6.19In September 2013, the Department of Justice noted that the changes to self-defence, although untested, appeared to have made a difference. Since then, it appears that self-defence has been successfully relied on in at least one case where a victim of family violence (in that case, the male de facto partner of the deceased) killed his abuser in circumstances where there was no imminent threat and with what could be described as “excessive force”.
Adducing evidence of family violence
6.20According to the VLRC:
Changes to the substantive law will only ever provide a partial solution to ensuring defences to homicide operate fairly for those who kill in response to family violence. It is equally important to ensure juries are provided with information which allows them to understand, and take into account, the broader context of violence. Decisions made by judges, juries, lawyers, and police must also be informed by a proper understanding of the complex nature of family violence.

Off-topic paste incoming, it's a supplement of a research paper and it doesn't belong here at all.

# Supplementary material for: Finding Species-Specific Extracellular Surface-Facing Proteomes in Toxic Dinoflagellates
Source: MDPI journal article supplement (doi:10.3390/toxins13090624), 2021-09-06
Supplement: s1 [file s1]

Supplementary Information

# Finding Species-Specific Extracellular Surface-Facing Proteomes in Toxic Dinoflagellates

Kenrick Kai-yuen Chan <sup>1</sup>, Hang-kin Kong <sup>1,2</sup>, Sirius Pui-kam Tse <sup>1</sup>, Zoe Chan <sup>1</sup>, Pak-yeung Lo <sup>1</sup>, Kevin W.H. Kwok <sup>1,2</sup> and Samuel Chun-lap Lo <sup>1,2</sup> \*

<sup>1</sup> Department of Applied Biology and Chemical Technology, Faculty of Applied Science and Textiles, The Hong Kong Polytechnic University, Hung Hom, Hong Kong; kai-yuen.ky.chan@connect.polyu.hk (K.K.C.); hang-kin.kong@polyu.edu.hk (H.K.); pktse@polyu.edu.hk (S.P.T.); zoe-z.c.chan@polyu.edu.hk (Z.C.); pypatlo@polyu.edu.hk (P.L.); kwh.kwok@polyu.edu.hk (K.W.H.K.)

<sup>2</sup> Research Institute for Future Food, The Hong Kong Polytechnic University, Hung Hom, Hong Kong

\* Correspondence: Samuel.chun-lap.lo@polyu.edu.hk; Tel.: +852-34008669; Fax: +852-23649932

6.21While the VLRC recognised that evidence of prior abuse was generally accepted by the courts as relevant and admissible, it concluded that the importance of this evidence in supporting a plea of self-defence “persuaded us that its status should be clarified in legislation.”
6.22The VLRC recommended the introduction of a specific evidence provision relating to the admissibility of family violence evidence where self-defence is claimed. These provisions specify the range of evidence that can be adduced about the history of the relationship and the nature of violence in the relationship to prove both the subjective and objective elements of the self-defence test. They also allow for the introduction of social framework evidence, which permits evidence of the nature and dynamics of family violence to be introduced to dispel myths about family violence that exist within the community. Provisions were introduced into the Crimes Act 1958 (Vic) in 2005, and those provisions are now contained in sections 322J and 322M of that Act. These are reproduced in Appendix D.